• Understanding over memorization
•
Integration over isolation
•
Depth over breadth
•
Application over recognition
The following teaching strategies will help you keep these priorities in proper perspective: rule of four, real world data, The Right Stuff Modules.
Provide opportunities for learning to interact with data graphically, symbolically, numerically, and verbally. For example, the interactive spreadsheet depicted below shows a data table and scatter plot relating fuel usage and running time of a generator. The spreadsheet allows the student to adjust the red line by using the two scroll bars that determine the slope and the vertical intercept in order to find a reasonable algebraic model for the data. As the scroll bars are moved, the line moves and the equation changes (see Module 2.0). The technology empowers the student to graphically analyze the situation and find a solution to the modeling problem. The verbal description of the situation and the task of describing the accuracy of the model allow the learner to verbally interpret the data and the results. The symbolic equation for the data model is shown immediately below the graph of the model.
Integrating real world data into exams, projects, and lectures in meaningful ways is one of the best ways to help learners make the connection between mathematics and the problems they will be required to solve in their professional and personal lives. Numerous data sources are readily available. To help you know where to start, we have identified a few of them below.
The USA
Today “snapshots” often contain information that can be used in a mathematics
class. Newspapers, in general, use a
great deal of statistics.
www.usatoday.com/snapshot/news/snapndex.htm
Swivel contains nearly two million graphs of real world data sets that may be freely downloaded and pasted into exams, projects, or other course materials. Data sets range from the relative values of various forms of music media to the inflation rate and first class stamps (shown below). www.swivel.com/graphs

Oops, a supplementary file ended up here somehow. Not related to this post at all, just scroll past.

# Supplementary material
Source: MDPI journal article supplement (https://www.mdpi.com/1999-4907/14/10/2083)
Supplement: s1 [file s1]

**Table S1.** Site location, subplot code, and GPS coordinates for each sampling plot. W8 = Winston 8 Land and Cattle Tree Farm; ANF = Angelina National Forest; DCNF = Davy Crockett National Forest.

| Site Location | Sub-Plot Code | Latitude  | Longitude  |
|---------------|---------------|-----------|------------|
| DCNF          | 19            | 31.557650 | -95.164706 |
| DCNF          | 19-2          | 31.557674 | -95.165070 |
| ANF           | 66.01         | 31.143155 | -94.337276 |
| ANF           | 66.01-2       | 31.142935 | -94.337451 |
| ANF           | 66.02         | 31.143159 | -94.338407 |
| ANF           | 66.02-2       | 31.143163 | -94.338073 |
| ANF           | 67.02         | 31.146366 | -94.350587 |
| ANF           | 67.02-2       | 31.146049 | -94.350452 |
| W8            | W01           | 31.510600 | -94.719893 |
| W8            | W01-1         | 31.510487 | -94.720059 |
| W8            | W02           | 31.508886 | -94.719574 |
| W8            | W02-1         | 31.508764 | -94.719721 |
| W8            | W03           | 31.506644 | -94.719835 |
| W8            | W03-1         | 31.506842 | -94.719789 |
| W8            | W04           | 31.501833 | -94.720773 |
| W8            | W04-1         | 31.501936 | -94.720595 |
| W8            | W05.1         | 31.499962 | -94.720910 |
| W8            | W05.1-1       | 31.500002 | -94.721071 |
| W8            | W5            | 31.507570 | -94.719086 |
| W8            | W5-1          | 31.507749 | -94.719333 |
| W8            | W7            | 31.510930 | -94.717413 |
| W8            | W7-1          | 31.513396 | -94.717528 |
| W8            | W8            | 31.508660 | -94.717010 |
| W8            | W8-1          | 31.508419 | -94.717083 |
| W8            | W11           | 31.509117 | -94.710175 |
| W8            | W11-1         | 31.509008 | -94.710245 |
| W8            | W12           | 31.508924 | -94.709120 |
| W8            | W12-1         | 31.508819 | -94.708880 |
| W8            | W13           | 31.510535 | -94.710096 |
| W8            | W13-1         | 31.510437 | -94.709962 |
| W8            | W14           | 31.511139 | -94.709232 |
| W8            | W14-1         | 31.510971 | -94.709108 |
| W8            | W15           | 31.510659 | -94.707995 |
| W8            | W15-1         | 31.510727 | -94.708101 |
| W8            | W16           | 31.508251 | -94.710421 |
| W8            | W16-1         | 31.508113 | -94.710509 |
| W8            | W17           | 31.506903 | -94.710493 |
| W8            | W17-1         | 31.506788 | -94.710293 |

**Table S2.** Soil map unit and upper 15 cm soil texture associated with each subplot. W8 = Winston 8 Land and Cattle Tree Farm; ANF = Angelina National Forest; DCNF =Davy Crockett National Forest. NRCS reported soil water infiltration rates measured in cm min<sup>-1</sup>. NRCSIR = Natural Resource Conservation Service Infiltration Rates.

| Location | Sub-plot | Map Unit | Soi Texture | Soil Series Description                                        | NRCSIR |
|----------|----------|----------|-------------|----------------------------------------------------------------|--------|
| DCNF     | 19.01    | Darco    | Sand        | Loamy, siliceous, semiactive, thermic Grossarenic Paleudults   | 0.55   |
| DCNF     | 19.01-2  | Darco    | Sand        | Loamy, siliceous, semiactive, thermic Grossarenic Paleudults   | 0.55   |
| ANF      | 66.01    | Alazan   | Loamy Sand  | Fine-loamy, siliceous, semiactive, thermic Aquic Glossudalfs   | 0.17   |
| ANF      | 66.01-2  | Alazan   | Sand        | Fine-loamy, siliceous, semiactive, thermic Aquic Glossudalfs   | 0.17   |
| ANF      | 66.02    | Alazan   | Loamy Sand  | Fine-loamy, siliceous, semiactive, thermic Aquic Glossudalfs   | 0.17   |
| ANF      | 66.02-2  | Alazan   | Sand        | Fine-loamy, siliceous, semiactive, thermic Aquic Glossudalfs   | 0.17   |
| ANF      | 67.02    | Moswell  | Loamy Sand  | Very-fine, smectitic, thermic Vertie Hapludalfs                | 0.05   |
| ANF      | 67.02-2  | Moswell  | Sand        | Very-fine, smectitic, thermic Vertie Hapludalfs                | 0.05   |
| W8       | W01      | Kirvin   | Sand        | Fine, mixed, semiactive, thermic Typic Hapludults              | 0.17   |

U.S. First Class Stamps vs. Inflation

Numerous data sets and graphs related to the
Persons not in the labor force
This site contains thousands of data sets in editable Excel spreadsheets of data. www.census.gov
State Median Income

The Right Stuff Modules are classroom activities that reinforce the concepts and skills needed in a redesigned College Algebra course focused on the MAA CRAFTY recommendations for College Algebra.
1.
Ma
and Pa Talk Mathematics: Reading graphs and modeling
2.
Generator
Math: Linear modeling
3.
Super
Snacks: Quadratic modeling
4.
Data
Mining: Set theory and conditional probability
5.
Soap
Bubbles, Cheesecake Factories,
6.
Hurricanes–This
Will Blow You Away: Quadratic functions
7.
A
Slice of Liver: Linear functions
8.
Bioequivalence
– Give me the cheap drugs: Logarithms and exponents
9.
Crop
Circles: Area and optimization
10.
Minimizing
Distance: Geometry, modeling, and
optimization
11.
What
Happens If …: Problem solving and multiple representations of functions
12.
Looking
Into The Future … Value: Linear and exponential functions
13.
14.
Limitations
of Modeling: Introduction to the Sine Function
15.
Piecewise
Functions
16.
Compound
Interest: Linear functions
17.
Compound
Interest: Power functions and Exponential
18.
Archimedes’ Law
19.
Understanding
the Standard Deviation: Mean and standard deviation
20.
Boxes
and Cylinders
By integrating the rule of four, real world data, and The Right Stuff modules into your course design and instruction, you will be able to help students acquire the personal qualities and skills necessary to succeed in today’s workplace. It is a change worth making.
This material is based
upon work supported by the National Science Foundation under Grant No. DUE 0632883. Any opinions, findings, and
conclusions or recommendations expressed in this material are those of the
author(s) and do not necessarily reflect the views of the National Science
Foundation.

This project is funded in part by a grant from the National Science Foundation; DUE 0632883